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Kasey / Holidays - Posts
Autumn has always held a special charm for me - the changing leaves, brisk breezes and warm drinks! It induces a rather festive feeling that excites the senses and makes one feel like a child again. Here in Israel it is slightly different being that there is no real feel to the change is season, but there is a difference in the air. And the fruits of the harvest are very much part of the celebration - though it will take some getting used to, substituting pomegranates for pumpkins!
Last year in my Hebrew class I learned songs for the holidays, and just yesterday as I was shopping for groceries I heard them being played throughout the store. I noticed that I was actually singing along to them and that my pace was much livelier and my shopping much happier. It was then that I realized that this year I really feet part of the holidays in a very keen way.
We are entering
A holiday with cheese as the main ingredient is right up my alley! Last night my Israeli family and I gathered at my husband's mother's home for a festive dinner....everything we ate involved cheese in some way! Of course cheese is always improved with a nice glass of red wine - and there was plenty of that.
As we ate and enjoyed my mother-in-law reminded me of another aspect of the celebration - Ruth. She told me, "You know, this is your holiday." She explained how it is a celebration of Ruth the Moabite who married Obed. Obed then fathered Jesse and Jesse fathered the great and honored King David.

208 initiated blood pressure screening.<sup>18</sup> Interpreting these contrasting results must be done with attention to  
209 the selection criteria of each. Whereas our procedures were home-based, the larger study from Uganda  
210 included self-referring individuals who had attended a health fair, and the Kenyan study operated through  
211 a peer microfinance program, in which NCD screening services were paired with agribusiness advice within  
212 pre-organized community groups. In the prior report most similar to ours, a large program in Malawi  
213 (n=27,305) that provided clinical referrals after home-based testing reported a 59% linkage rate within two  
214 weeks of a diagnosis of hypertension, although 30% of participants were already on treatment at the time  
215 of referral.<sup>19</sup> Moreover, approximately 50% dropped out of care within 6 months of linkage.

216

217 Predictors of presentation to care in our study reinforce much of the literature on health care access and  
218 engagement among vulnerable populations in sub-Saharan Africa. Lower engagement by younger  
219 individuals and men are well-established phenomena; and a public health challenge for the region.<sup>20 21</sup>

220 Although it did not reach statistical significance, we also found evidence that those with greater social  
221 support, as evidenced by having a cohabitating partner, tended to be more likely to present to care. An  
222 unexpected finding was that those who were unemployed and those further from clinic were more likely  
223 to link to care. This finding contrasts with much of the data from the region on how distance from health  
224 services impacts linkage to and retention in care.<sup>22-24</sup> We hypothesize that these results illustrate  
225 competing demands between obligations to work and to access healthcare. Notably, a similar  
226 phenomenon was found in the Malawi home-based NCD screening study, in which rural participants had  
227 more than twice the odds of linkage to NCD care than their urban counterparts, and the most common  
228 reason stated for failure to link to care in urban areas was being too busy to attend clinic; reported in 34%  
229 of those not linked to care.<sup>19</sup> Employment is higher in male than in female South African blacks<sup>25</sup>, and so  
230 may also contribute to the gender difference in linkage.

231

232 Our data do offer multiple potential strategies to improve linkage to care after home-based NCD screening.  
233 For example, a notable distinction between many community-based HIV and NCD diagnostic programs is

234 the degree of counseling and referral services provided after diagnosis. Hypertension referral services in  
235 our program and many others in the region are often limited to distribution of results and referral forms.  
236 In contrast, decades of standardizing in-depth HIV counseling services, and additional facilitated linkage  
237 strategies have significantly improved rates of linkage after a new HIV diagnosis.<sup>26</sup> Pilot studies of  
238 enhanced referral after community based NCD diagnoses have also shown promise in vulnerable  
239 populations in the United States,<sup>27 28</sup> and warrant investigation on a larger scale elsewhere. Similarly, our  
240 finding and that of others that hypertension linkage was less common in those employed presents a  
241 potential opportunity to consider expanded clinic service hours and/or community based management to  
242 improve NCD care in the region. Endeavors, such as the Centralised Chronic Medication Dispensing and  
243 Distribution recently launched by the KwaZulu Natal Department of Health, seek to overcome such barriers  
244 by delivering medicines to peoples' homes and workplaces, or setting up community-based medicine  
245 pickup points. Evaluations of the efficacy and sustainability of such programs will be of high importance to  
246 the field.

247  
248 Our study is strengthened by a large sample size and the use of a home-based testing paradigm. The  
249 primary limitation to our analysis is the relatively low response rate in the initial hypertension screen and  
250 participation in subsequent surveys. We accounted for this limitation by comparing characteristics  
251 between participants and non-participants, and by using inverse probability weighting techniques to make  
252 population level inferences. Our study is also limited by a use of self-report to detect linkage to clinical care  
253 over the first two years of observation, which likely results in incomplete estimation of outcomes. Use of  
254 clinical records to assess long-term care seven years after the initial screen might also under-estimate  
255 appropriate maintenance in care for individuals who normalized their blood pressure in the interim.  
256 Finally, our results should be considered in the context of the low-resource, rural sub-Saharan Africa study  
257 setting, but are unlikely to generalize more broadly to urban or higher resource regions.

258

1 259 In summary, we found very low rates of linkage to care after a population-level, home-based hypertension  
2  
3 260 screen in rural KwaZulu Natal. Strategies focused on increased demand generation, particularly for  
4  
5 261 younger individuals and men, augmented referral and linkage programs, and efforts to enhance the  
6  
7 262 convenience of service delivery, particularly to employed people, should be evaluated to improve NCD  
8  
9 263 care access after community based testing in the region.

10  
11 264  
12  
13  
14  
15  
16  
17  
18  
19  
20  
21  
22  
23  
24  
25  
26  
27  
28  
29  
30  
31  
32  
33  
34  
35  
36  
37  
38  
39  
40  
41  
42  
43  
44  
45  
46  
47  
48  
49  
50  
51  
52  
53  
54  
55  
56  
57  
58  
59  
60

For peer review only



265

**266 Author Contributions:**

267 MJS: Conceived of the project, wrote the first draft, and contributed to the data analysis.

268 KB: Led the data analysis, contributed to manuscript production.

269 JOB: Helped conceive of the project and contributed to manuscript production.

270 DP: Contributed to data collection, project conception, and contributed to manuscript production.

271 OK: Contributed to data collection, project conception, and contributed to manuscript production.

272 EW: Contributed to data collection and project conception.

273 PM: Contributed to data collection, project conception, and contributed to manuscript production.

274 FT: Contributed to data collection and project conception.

King Solomon dedicated the Holy Temple of the Lord in Jerusalem with a prayer and a precedent that has been followed by Israeli leadership since they reunited Jerusalem in 1967 and took responsibility for the Holy places - the foreigner is welcomed.
"When a foreigner, who is not of your people Israel, comes from a far country for your name's sake...when he comes and prays toward this house, hear in heaven your dwelling place and do according to all for which the foreigner calls to you in order that all the peoples of the earth may know your name." (I Kings 8:41-4)
It doesn't matter if it is the media, history teachers, tour guides, religious leaders or the Israeli Ministry of Tourism, they all like to refer to the fact that Jerusalem contains holy sites for the three great monotheistic religions of the world. Just not all of those mentioned above are so quick to add that there has only been freedom of worship for every religious group when Jerusalem has been in the hands of the Jews. It isn't a